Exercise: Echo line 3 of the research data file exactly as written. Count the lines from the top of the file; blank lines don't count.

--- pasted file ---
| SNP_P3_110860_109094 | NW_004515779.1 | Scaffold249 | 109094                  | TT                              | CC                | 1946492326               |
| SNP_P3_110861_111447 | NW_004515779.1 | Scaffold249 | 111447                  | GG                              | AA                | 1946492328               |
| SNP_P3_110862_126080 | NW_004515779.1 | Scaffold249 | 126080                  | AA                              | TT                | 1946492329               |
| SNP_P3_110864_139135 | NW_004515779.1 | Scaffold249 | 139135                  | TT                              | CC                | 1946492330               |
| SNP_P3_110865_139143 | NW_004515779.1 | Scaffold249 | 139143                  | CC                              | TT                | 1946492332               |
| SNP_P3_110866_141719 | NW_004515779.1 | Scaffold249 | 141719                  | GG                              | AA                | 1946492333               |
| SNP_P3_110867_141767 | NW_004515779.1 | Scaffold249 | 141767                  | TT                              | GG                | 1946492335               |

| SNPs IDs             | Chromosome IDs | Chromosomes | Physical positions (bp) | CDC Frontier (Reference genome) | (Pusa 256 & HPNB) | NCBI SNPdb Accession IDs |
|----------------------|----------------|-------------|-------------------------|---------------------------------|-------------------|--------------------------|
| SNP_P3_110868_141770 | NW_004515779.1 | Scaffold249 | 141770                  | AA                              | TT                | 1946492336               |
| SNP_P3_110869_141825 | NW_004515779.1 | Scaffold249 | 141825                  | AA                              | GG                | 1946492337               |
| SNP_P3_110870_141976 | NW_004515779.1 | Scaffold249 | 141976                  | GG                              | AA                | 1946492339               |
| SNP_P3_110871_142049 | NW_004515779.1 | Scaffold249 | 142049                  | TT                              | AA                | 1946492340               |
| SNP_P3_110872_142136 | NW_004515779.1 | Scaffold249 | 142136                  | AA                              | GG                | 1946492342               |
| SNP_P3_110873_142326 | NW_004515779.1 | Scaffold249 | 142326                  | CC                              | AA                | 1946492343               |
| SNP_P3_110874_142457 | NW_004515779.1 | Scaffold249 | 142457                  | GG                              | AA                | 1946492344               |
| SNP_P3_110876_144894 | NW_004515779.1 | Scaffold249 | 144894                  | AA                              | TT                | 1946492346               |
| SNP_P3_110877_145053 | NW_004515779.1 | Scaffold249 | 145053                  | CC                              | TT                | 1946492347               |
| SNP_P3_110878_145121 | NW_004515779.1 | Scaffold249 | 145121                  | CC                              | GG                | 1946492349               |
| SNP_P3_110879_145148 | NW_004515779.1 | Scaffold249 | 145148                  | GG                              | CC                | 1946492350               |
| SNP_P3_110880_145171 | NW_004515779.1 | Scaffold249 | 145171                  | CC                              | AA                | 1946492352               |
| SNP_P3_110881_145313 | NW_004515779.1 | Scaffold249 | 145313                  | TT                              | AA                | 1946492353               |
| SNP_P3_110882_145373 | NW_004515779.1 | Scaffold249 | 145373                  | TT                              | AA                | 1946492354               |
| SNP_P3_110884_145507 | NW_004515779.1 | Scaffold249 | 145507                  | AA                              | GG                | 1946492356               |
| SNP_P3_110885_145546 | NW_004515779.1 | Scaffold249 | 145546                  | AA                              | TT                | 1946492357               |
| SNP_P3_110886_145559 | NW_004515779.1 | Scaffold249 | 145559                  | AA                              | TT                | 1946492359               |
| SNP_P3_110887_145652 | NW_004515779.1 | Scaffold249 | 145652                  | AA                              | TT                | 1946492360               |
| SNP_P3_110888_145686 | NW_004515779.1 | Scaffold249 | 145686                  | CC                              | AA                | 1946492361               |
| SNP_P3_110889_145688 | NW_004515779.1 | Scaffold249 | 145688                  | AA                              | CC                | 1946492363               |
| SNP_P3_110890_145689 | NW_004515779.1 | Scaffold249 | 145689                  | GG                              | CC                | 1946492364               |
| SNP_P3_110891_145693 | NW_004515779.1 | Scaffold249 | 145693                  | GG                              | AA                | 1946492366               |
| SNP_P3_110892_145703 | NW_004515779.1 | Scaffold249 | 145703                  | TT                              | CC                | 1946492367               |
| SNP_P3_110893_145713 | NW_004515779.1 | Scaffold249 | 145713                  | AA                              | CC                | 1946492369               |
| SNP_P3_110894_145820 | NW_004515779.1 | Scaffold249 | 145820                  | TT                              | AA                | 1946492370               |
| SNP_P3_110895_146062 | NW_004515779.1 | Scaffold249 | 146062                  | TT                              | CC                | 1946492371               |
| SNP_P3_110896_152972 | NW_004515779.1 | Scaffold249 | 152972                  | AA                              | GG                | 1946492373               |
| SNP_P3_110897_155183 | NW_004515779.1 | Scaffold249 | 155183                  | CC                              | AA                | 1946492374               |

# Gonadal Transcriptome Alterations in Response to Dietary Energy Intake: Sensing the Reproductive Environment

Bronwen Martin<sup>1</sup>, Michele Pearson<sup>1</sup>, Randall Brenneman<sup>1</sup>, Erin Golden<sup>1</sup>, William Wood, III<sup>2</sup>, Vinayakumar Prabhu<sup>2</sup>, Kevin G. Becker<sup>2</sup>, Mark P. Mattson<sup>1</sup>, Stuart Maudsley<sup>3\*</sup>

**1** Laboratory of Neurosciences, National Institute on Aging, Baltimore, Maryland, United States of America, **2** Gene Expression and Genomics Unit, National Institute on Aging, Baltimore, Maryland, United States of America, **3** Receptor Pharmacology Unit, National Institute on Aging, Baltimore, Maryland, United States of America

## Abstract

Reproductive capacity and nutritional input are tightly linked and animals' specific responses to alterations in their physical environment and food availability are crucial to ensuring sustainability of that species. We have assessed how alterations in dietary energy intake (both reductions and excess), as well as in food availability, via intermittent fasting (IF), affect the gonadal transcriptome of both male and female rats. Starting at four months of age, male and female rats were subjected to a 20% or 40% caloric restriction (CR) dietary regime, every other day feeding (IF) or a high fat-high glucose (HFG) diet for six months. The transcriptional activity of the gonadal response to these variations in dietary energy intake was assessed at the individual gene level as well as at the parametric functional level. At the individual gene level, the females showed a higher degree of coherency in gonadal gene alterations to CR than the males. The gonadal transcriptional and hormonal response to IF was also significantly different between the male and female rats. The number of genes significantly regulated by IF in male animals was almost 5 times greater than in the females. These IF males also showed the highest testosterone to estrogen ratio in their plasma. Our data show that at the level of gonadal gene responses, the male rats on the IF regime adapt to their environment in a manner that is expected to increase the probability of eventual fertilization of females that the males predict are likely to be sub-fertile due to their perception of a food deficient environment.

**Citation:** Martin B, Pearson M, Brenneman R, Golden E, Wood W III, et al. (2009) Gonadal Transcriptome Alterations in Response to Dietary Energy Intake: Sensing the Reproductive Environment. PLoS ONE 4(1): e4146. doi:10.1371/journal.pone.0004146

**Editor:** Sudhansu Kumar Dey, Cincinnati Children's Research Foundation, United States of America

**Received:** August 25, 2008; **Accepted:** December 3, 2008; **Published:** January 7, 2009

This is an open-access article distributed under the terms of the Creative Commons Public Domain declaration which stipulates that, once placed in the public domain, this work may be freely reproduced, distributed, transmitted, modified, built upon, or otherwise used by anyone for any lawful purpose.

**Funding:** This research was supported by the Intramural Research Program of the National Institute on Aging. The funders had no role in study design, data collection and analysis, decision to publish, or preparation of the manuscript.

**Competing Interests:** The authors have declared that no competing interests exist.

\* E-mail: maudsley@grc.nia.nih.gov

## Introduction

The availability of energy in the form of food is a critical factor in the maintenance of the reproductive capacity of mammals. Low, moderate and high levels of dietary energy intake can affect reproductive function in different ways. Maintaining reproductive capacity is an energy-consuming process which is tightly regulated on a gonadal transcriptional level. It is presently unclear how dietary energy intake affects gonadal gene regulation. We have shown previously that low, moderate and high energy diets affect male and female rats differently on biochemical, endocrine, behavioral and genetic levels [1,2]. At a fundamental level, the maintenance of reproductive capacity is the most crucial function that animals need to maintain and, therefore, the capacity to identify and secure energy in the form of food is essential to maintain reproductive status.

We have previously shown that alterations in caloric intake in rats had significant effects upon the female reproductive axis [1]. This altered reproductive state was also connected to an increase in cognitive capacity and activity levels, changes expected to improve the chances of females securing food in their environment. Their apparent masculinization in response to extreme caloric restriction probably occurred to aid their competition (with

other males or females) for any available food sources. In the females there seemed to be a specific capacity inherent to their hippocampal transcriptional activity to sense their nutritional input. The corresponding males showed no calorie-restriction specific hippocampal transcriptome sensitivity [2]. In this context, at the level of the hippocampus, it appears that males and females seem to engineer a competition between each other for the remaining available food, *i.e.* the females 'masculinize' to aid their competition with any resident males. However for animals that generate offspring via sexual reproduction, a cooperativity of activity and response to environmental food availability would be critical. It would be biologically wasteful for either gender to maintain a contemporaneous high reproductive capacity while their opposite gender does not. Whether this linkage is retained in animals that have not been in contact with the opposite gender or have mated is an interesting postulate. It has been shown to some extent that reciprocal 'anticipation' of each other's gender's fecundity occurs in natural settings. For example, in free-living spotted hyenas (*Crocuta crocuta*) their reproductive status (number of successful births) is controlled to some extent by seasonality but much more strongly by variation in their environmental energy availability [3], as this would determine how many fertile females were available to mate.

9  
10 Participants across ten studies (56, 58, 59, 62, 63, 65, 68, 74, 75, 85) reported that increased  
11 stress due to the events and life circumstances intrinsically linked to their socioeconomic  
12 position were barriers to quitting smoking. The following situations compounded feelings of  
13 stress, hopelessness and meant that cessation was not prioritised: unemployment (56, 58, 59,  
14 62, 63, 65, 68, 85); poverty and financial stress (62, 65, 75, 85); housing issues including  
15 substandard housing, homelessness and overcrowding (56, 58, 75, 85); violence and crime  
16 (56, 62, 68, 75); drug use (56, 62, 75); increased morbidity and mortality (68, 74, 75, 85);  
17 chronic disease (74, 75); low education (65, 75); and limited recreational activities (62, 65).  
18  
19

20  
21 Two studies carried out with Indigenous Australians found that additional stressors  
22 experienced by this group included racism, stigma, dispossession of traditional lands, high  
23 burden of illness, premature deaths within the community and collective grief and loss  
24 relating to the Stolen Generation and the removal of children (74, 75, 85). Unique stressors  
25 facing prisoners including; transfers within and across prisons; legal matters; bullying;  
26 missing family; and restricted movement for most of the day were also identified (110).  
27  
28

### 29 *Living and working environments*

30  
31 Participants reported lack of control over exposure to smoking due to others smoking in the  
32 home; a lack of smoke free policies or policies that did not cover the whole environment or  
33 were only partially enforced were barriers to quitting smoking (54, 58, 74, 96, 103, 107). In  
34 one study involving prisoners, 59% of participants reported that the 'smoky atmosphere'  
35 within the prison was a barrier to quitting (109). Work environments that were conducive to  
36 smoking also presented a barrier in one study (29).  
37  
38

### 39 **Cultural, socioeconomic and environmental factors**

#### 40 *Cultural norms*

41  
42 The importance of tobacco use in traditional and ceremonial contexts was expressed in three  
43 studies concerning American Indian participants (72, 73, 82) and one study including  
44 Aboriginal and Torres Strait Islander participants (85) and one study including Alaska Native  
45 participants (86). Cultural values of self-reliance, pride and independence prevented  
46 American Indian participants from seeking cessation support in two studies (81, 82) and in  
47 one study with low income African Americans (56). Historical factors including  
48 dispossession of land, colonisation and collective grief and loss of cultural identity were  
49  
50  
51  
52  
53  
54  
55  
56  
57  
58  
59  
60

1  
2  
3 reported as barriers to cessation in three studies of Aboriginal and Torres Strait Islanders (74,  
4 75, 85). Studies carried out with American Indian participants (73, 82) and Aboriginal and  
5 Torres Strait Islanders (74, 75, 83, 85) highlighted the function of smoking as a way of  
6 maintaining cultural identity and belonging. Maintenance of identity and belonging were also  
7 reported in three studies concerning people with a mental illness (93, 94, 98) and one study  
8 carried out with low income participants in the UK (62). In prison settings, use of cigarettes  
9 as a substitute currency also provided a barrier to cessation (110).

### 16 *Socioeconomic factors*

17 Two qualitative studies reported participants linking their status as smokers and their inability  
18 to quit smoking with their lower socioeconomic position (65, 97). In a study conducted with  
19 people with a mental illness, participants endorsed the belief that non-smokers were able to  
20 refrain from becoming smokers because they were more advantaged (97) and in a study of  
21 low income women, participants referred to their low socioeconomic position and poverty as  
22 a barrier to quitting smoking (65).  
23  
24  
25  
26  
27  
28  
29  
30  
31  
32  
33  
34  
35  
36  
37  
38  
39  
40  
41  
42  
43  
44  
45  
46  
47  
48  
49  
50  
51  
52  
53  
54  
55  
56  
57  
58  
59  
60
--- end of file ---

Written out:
| SNP_P3_110862_126080 | NW_004515779.1 | Scaffold249 | 126080                  | AA                              | TT                | 1946492329               |